Description - The Mt. Prospect estate was built at the direction of John Wingate Weeks, leading conservationist, U.S. congressman, U.S. Senator, and Secretary of War under Presidents Harding and Coolidge. Set at the very top of Mt. Prospect, in Lancaster, New Hampshire, the house and grounds provide a 360 degree panorama of mountain splendor, including the Presidential Range of the White Mountains, the Green Mountains of Vermont, the Kilkenny Range, the Percy Peaks and the upper Connecticut River Valley. The estate is open mid-June to September, 10 am to 6 p.m. (closed Monday & Tuesday ) Fees: $2.50, children under 18 are free
- Built as a summer retreat and as a testament to Weeks' affection for the locale of his ancestry and birth, the Mt. Prospect estate typifies a spirit of private land conservation often seen in New Hampshire at the turn of the century. At that time, many of the state's less profitable farms were being abandoned. These were often purchased by private investors who preserved and maintained the land; the Weeks estate was part of this conservation movement. In 1910 Weeks bought several farms on Mt. Prospect, including the land at the summit. The Weeks estate is one of the best preserved of many grand summer homes built in New Hampshire during this period.
In horse and carriage days a mountaintop retreat in New Hampshire would not have been practical for most Washington politicians. Senator Weeks took advantage of the new freedom offered by the age of the automobile. Before constructing the house, Weeks first built a new auto road to the summit of Mt. Prospect, replacing an earlier carriage way.
Because of Secretary Weeks' prominent role on the national scene, his house became the setting for many distinguished gatherings after it was completed in 1913. Among the more prominent guests was President Warren Harding, who visited for several days in 1921.
The main house, called the "lodge," is built of fieldstone and stucco; its gable roof is covered with red terra cotta tiles. The lodge is listed in the National Register of Historic Places. The plan and form of the house are mostly original and its architectural style is not easily defined.
The most outstanding feature of the house is the thirty by seventy foot (9.1 by 21.3 meters) living room which makes up the entire second floor. Its many large picture windows are most unusual for the era. Balconies take full advantage of the lodge's mountaintop setting, providing dramatic views of the surrounding scenery. Massive fieldstone fireplaces stand at either end of the living room. According to one popular story, the large moosehead over the west fireplace was a gift from President Theodore Roosevelt. The floor and trim in the room, as well as the original furniture, are dark oak. Signed photographs of many dignitaries are displayed on the walls; among them are William Taft, Herbert Hoover, Theodore Roosevelt and Marshall Joffre of France.
On the ground floor the dining room lies to the right of the main entrance hall. The dining table and chairs are those used by the Weeks family. The red tile floor is also original.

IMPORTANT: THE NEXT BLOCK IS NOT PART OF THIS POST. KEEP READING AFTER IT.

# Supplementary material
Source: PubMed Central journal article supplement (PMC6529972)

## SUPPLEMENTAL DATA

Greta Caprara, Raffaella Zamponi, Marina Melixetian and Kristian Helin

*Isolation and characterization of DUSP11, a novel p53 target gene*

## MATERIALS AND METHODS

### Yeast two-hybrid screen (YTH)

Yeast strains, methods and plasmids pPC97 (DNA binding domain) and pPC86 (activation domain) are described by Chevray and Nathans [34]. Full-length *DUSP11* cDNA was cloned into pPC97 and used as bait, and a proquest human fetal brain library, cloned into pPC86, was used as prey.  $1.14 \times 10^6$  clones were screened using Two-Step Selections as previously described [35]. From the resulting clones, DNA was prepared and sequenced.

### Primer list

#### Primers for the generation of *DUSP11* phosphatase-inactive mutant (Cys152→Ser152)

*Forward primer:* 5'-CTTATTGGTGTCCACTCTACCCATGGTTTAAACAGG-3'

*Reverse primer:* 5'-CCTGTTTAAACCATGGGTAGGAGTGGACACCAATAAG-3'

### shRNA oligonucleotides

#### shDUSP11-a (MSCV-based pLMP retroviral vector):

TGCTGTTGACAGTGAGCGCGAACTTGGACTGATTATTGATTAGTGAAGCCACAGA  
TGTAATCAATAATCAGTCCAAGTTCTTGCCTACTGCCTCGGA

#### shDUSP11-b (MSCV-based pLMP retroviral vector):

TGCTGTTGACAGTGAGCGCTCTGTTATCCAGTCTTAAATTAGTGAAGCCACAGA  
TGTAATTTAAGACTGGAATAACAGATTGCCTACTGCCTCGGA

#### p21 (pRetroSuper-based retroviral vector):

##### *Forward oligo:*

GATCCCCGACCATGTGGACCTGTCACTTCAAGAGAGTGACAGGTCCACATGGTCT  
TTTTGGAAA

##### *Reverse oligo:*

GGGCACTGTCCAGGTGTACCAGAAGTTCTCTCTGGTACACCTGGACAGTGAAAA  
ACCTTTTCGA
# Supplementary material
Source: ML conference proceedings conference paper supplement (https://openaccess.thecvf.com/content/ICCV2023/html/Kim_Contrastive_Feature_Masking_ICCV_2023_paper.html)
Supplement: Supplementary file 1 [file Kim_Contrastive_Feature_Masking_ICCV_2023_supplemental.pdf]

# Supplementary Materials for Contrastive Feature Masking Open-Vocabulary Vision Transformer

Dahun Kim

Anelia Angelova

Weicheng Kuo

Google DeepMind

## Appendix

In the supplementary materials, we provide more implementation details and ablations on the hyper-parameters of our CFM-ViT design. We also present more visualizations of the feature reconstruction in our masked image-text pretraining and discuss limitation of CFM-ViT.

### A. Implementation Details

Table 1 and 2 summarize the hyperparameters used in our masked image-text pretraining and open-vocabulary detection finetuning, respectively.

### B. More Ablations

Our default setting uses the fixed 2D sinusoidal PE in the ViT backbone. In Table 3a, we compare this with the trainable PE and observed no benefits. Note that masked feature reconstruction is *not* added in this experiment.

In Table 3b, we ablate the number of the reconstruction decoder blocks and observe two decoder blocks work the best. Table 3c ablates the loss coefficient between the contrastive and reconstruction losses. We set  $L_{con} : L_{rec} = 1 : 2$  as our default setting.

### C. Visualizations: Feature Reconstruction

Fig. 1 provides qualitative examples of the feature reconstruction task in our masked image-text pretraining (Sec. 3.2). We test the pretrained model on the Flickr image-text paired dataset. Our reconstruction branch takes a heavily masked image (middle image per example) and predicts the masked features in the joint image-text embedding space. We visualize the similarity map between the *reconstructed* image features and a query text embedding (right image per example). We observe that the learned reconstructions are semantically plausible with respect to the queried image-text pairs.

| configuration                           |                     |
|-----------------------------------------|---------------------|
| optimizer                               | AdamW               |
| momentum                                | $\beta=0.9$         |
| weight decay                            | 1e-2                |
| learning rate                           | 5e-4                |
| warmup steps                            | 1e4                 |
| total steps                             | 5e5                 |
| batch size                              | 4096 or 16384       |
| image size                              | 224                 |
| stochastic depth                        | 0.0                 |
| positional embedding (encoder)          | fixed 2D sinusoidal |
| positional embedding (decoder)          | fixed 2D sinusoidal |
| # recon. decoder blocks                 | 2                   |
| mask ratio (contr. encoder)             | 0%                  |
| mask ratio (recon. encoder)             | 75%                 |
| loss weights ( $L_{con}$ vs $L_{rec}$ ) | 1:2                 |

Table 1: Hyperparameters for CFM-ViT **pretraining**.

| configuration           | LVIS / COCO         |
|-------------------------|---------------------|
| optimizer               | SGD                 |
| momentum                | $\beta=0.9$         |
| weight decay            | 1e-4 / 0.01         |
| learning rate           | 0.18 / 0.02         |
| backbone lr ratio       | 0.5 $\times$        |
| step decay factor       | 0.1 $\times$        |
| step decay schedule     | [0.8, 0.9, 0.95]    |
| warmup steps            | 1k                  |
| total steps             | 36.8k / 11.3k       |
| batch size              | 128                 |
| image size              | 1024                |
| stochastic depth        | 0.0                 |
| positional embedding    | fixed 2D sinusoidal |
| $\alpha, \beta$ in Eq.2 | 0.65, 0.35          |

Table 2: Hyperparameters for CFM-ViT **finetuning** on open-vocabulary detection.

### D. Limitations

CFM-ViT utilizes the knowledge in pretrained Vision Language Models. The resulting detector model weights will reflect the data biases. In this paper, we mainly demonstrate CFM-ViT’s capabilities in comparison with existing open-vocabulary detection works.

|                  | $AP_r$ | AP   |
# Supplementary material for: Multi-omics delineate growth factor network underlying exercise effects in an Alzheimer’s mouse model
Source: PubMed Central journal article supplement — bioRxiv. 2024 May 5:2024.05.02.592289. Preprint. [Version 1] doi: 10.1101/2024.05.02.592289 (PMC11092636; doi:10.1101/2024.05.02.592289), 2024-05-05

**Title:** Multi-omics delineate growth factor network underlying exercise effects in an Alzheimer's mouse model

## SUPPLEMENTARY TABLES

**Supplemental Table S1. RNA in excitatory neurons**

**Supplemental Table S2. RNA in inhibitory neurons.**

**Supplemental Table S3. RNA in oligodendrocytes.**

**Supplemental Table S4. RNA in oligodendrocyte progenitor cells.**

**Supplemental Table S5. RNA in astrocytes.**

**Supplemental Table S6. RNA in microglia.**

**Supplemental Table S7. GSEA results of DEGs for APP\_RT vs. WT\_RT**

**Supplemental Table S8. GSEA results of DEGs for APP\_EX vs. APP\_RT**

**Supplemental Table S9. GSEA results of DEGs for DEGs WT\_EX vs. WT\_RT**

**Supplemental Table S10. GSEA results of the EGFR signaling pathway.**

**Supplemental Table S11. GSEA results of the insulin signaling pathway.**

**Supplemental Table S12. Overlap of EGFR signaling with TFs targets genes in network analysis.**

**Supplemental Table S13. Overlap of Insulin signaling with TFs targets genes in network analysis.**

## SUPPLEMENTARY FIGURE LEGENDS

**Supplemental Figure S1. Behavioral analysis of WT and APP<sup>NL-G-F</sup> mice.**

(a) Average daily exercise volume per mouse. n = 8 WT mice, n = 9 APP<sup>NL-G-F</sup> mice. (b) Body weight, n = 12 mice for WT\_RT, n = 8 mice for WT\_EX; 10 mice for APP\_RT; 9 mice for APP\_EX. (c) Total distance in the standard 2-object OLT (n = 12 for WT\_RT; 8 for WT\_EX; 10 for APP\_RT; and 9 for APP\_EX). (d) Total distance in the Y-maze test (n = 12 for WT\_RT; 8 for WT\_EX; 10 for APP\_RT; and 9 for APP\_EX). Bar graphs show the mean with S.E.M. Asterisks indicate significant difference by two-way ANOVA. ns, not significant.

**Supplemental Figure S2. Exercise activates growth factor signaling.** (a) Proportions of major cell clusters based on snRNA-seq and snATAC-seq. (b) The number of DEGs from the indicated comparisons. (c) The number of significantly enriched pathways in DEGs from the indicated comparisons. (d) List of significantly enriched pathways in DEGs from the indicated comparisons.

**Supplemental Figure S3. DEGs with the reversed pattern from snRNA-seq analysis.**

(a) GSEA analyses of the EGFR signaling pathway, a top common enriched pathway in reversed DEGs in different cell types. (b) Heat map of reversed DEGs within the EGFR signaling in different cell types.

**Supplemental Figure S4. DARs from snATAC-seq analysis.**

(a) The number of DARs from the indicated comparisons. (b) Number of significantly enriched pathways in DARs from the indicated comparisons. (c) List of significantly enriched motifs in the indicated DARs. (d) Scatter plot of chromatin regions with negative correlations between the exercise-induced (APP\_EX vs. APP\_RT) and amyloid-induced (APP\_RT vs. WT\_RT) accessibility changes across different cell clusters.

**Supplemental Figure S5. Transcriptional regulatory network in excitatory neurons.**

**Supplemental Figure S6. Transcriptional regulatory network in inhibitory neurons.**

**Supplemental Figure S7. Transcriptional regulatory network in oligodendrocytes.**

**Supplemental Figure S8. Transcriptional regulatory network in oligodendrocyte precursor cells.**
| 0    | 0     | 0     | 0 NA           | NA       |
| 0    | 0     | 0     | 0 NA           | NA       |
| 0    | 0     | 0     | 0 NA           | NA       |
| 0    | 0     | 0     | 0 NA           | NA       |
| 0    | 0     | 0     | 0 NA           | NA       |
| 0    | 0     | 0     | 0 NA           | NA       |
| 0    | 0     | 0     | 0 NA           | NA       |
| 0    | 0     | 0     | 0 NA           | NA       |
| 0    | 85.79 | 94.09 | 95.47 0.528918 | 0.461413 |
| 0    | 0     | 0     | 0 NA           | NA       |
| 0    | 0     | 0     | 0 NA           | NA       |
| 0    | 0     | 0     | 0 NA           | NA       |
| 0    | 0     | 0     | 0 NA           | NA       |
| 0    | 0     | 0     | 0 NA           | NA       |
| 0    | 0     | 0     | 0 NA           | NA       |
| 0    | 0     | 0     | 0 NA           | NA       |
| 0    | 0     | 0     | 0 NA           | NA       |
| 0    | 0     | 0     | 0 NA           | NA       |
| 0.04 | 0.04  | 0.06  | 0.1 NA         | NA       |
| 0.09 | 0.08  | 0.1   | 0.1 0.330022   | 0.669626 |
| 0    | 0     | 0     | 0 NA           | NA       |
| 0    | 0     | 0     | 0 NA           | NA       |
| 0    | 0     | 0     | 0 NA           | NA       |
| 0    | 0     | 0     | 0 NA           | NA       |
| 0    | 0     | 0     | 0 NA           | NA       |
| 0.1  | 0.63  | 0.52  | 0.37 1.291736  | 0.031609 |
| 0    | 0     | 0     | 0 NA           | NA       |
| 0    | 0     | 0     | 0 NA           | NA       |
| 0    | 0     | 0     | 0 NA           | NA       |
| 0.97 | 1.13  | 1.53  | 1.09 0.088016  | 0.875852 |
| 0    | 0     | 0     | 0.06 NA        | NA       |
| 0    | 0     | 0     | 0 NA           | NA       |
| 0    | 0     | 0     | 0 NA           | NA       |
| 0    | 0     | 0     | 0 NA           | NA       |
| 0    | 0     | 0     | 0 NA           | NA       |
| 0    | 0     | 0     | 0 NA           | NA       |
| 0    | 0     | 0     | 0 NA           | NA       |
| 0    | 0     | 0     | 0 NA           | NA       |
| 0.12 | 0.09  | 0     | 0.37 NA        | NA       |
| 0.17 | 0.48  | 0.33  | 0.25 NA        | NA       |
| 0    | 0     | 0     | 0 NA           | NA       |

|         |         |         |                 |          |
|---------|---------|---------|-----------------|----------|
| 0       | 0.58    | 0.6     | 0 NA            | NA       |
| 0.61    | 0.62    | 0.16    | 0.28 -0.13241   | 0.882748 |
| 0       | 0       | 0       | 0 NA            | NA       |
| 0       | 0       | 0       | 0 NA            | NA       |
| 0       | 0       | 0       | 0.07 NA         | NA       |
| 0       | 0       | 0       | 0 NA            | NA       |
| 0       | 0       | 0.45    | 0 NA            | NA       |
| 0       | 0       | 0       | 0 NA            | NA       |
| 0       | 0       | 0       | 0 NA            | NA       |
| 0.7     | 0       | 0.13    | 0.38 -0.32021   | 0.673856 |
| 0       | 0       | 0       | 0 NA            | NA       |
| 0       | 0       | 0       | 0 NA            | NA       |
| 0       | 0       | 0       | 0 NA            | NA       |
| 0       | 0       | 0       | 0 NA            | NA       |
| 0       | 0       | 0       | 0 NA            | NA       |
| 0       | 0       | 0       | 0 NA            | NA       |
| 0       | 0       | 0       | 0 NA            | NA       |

The area to the left of the entrance hall formerly contained six bedrooms. In 1966 it was converted to a display area for exhibits tracing the history of forestry and conservation in New Hampshire. It also houses an impressive mounted bird collection.
The fieldstone tower in front of the house, listed in the National Historic Lookout Register, was originally built as both an observatory and water tower. At 56 feet (17m) high, its observation deck affords expansive views of the New Hampshire and Vermont countryside. One of Weeks' motives for erecting the tower and for building the road to the summit, was to ensure that local residents and visitors could enjoy the spectacular views from the top of Mt. Prospect. In 1941 a fire observatory was added to the top of the tower, which is maintained by the N.H. Division of Forests and Lands.
Recreation - The 420-acre Mt. Prospect estate was given to the state of New Hampshire in 1941 by John Weeks' children, Katherine Weeks Davidge and Sinclair Weeks. The site is open from 10:00 am to 6:00 p.m., Wednesday through Sunday, from late June to Labor Day; and then most weekends until Columbus Day. Adult admission is $2.50; children under 18 and New Hampshire residents age 65 and over are admitted free. Visitors are welcome to hike and picnic.
The Weeks State Park Association hosts a series of weekly summer programs related to the north country of New Hampshire. The public is welcome to attend the free programs that are normally scheduled in the park Thursday evenings. Occasionally, programs are scheduled for other days and times. For more information about the park or the dates and topics of programs call the park on the days it is open, at 603/788-4004.
Climate - Winter can be cold with average temperatures ranging around 19 degrees Fahrenheit. The cold temperatures humidity bring heavy, water-laden snow to all parts of the state. Spring begins in mid-March and lasts through May. This time of the year is referred to as mud season in the mountains. The sugar is flowing early in the season and wild flowers bloom toward the end of it. Summer is the busiest season of the year for the tourism industry. This is an excellent time to travel, mountain roads are open and most of the mud has dried. Average summer temperatures range around 68 degrees Fahrenheit. Fall brings the leaf lookers to see the spectacular colors of the deciduous trees. Expect to see bus loads of people enjoying the crisp fall New England weather.
Follow Interstate 93 north through Franconia Notch to Route 3. Take Route 3 north through Twin Mountain and Whitefield. John Wingate Weeks State Historic Site is located off Route 3, two miles south of Lancaster.